- ADC Partners
Capitalist Country, Socialist Sport
While the past few seasons have presented the NFL with challenges (health concerns, protests, disciplinary cases of owners/players), the league remains at the pinnacle of American sports. Part of this comes from the sport’s unique ability to intertwine itself with American culture and patriotic themes.
The irony is that the NFL, a league that so very clearly reflects the culture from which it sprang, owes a great measure of its success to an economic system that many regard as the antithesis of what is considered to be American. Specifically, rather than relying on a typically American-style free market economic system, the success of the NFL is due to its adherence to socialist economic theory, where revenue is evenly shared to support the larger health and well-being of the league.
Socialism is “an economic theory of organization which advocates that the means of production, distribution, and exchange should be owned or regulated by the community as a whole.” This is a near perfect encapsulation of the NFL business model.
The NFL places an imperative on competitive balance, which is achieved by sharing revenue evenly among its franchises. The result of this structure is that small-market teams like the Green Bay Packers (70th-largest media market) are provided financial resources that allow them to compete with teams like the New York Giants (1st) or Los Angeles Rams (2nd).
Because the Packers are publicly owned, the scale of NFL revenue sharing is revealed in the team’s required annual filings. In 2016, the NFL distributed equal shares of its $7.8 billion in earnings to 32 teams ($244 million per team). This accounted for 56 percent of the Packers’ overall revenue. In doing so, the NFL ensures that Green Bay remains a viable and competitive franchise by giving it resources to entice players and sponsors to its team.
The NFL also ensures “competitive balance” with instruments such as a salary cap and the draft. The latter is noteworthy because it rewards NFL teams that perform poorly on the field by giving them priority in selecting new players coming into the league. In other words, the NFL’s labor pool is highly regulated and distributed in terms of the greatest need.
Sports organizations in Europe offer a fascinating (and ironic) counterpoint to the American model. With high taxation and wealth redistribution in the form of broad access to social services, European economies are more socially liberal than an American libertarian model that favors low tax and weaker services. European football (soccer), on the other hand, features a highly decentralized model built around competitive economic practices that would make even the most aggressive free marketers blush.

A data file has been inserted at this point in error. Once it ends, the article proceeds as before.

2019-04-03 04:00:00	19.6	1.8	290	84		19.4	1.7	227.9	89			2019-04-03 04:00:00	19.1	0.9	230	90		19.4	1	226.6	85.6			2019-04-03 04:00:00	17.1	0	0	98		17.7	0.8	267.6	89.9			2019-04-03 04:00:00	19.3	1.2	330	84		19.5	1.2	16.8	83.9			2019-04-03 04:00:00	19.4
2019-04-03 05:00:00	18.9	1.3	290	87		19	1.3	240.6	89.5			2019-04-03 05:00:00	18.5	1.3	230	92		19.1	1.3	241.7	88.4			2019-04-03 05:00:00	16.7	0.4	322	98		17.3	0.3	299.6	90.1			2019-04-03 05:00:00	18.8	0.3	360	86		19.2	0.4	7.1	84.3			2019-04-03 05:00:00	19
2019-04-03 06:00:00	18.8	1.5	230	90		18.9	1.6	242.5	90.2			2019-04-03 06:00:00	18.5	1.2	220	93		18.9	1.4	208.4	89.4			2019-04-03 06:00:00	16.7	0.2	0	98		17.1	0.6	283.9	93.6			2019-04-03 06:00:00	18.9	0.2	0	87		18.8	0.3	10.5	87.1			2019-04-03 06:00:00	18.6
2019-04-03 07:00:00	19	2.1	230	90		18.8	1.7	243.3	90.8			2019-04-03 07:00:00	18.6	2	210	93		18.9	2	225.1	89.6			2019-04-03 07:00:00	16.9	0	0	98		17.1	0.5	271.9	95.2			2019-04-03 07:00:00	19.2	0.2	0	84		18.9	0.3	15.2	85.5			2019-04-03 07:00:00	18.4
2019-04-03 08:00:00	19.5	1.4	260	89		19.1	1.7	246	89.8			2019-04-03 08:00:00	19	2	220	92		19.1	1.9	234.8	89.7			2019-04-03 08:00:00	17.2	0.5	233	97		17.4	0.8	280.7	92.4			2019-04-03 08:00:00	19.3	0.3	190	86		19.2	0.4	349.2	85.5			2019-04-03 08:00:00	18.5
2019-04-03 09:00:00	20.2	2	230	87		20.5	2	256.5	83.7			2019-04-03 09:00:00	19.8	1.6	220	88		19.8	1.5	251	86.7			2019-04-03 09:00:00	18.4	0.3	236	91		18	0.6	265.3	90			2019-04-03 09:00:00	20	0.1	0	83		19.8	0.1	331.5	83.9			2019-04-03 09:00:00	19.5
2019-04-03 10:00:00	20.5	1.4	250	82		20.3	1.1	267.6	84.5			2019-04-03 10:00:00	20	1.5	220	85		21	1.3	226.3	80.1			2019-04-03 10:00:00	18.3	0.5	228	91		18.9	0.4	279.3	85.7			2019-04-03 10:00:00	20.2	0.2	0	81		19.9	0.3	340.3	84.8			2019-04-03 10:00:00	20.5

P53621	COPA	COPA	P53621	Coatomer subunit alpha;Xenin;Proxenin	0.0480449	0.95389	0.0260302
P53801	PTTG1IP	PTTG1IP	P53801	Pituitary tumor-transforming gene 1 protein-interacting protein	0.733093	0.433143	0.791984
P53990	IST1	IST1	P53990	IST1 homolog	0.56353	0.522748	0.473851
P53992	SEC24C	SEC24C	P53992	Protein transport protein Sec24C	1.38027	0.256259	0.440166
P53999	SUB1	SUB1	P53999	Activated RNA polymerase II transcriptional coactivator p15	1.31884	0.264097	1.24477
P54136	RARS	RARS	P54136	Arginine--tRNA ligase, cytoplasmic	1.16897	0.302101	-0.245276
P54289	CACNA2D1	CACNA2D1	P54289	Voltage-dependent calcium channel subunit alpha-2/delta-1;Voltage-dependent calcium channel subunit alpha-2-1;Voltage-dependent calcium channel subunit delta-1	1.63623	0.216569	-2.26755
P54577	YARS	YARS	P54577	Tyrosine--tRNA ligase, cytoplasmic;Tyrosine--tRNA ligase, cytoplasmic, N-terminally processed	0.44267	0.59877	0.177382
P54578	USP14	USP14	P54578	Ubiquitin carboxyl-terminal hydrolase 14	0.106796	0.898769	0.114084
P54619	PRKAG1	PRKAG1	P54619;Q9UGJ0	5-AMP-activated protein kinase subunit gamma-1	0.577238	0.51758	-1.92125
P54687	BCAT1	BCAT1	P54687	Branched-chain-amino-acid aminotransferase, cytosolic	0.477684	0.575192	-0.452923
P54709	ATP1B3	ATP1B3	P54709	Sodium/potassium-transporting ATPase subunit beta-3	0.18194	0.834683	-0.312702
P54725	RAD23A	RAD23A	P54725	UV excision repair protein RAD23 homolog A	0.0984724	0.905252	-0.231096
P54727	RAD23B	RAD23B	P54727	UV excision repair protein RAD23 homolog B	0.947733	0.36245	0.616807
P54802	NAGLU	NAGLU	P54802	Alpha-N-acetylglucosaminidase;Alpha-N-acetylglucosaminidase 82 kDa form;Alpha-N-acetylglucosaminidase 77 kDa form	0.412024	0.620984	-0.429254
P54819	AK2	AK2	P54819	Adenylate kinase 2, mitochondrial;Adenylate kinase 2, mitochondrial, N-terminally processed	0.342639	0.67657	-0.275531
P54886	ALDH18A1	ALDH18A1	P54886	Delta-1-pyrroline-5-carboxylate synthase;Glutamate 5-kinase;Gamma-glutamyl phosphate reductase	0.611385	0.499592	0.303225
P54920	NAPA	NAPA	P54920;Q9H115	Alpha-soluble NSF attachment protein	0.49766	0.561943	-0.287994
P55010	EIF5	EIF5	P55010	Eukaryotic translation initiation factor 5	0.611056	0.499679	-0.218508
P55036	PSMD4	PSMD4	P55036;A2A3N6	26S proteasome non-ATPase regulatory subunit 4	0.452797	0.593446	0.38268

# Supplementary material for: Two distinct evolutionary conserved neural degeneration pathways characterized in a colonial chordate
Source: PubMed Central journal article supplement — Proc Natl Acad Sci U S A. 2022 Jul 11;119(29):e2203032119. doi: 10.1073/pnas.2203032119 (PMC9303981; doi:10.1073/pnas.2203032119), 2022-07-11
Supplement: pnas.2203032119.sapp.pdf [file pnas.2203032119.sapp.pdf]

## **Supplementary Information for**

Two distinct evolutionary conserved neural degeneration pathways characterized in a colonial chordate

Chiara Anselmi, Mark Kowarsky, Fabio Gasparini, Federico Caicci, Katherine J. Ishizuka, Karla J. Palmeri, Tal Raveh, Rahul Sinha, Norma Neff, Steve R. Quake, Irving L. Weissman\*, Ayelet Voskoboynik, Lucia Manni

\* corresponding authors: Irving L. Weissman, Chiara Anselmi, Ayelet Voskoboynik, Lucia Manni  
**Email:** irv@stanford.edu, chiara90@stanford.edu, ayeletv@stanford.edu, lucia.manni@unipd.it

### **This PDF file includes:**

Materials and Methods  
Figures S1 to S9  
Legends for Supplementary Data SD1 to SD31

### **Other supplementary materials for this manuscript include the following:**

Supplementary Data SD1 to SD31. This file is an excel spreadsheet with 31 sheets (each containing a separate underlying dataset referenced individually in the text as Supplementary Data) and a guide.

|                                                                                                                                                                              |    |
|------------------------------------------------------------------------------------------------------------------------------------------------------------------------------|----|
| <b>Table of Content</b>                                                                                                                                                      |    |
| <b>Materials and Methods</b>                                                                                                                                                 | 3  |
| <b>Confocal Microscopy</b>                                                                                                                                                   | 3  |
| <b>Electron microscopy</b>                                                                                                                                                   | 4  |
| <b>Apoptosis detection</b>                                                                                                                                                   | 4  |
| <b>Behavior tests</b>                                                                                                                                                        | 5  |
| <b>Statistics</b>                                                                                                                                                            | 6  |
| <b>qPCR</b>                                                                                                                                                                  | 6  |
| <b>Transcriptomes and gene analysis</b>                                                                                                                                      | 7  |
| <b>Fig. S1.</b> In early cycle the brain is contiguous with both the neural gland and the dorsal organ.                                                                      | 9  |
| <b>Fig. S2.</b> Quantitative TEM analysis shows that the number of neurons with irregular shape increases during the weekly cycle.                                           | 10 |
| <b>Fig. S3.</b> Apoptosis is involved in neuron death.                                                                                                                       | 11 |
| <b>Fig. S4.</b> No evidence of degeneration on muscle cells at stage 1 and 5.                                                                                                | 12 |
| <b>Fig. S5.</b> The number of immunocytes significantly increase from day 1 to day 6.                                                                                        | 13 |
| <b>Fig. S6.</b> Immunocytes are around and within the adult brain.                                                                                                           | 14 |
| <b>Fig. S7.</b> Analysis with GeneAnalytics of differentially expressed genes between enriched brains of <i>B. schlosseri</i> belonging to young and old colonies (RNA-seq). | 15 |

The English Premier League is characterized by the global brands of Arsenal, Chelsea and Manchester United dominating revenue acquisition and pitch play. Wealthier teams have access to the best players, and therefore cement their positions in the top leagues. Underperforming teams are at constant risk of being relegated, the system that forces poorly performing teams out of top-tier leagues and into lower-tier, less financially productive leagues.
Player drafts offer another juxtaposition. In the past, American sports teams have not competed to their fullest (tanking) to obtain better draft positions that would allow them to build squads that can secure long-term winning (e.g. the NBA’s Philadelphia 76ers and their infamous “Process”). By contrast, deliberate poor play designed to secure better draft picks would fail spectacularly in European soccer by resulting in a team’s relegation to lower tiers (and the associated limited economic opportunities.)
Comparing the NFL draft and the European soccer transfer window provides another contrast. The “libertarian” European sports economic model is laid bare with soccer stars getting astronomic transfer fees and salaries like the reported four-year deal worth at least $340 million that Cristiano Ronaldo got last year from Juventus. For a global sports brand like Real Madrid, buying the best players and paying huge transfer fees has characterized its strategy for years. A lack of mechanisms designed to control labor costs (e.g. NFL-style salary caps) means top clubs can spend their resources freely to maintain their market positions without consequence.
European soccer clubs also have enormous financial incentives for winning. This is closely tied to qualifying for participation in UEFA Champions League and UEFA Europa League. These tournaments provide top-performing clubs access to high-profile matches and commensurate revenue from broadcasting rights and sponsorship. For that reason, the clubs that perform well and qualify for these European competitions see further inflation of their revenue streams. By contrast, all revenue from the NFL’s Super Bowl is distributed among all 32 franchises.
The immense popularity and financial success of football, both European and American versions, is undeniable. What makes their success all the more interesting, though, is how the organization of these leagues seems to stand in stark cultural opposition to the economies of the regions they represent. The free-market American economy gave rise to the NFL, a sport that found success by implementing socialist principles of revenue sharing, equal access to resources, and institutional support of weaker members. European soccer, defined by unrestrained competition for resources and economically punitive systems like relegation, appears far more libertarian than European economies would ever support.